Overcoming Obstacles to Future Innovation

Overcoming Obstacles to Future Innovation

07.15.14 | By John Castellani

What would happen if the pace of medical innovation in the U.S. slowed or halted altogether? Imagine the treatments and cures that will never come, for Alzheimer’s, for Parkinson’s, for cancers of all kinds.  Imagine also the economic impact: on productivity, on medical costs for people who have conditions without good treatments, on a biopharmaceutical industry that accounts for nearly one out of every five dollars spent on R&D by U.S. businesses and that supports $790 billion in total annual economic activity.

Because we don’t want to imagine such a future, PhRMA strongly supports the goals of the Energy and Commerce Committee’s 21st Century Cures initiative under the leadership of Chairman Fred Upton and Representative Diana DeGette, which aims to accelerate the development of medical breakthroughs.  Accelerating the translation of scientific knowledge into new health solutions is more important than ever before because, as a recent Deloitte study reveals, the industry faces many challenges in terms of sustaining and advancing innovation and protecting the health and happiness of America’s patients.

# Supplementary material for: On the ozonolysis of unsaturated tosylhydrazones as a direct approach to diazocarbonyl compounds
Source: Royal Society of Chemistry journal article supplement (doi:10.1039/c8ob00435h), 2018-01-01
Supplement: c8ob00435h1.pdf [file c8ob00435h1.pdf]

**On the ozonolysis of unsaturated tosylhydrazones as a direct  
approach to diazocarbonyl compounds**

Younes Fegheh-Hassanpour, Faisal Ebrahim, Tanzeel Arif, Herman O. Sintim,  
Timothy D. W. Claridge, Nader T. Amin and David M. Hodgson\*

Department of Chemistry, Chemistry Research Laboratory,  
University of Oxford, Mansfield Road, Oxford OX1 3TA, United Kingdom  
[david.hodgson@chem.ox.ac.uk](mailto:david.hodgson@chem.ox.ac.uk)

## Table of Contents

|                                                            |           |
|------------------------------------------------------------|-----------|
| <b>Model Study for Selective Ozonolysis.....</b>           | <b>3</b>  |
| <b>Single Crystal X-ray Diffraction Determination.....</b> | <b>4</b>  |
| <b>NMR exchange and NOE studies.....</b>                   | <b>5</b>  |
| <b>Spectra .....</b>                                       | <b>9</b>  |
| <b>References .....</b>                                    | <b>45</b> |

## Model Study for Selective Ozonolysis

Recent trends highlighted in the new Deloitte report show we’re facing an uphill battle in terms of creating scientific, regulatory, coverage and intellectual property (IP) environments that advance biopharmaceutical innovation.

When assessing these challenges, they must be considered both individually and as a whole. A setback in a single area is detrimental, but each is dependent upon the others.

The 21st Century Cures initiative examines how we can improve the discovery, development, and delivery of new medicines for patients, which is a first step toward mitigating some of the potential threats to continued medical advances. The Deloitte study underscores the biopharmaceutical sector’s challenges and highlights the urgent need for both policymakers and individuals throughout the health care ecosystem to address these uncertainties and create a pro-innovation environment. We look forward to working with the Committee and other stakeholders to ensure a policy environment that promotes the discovery, development and delivery of tomorrow’s cures. 

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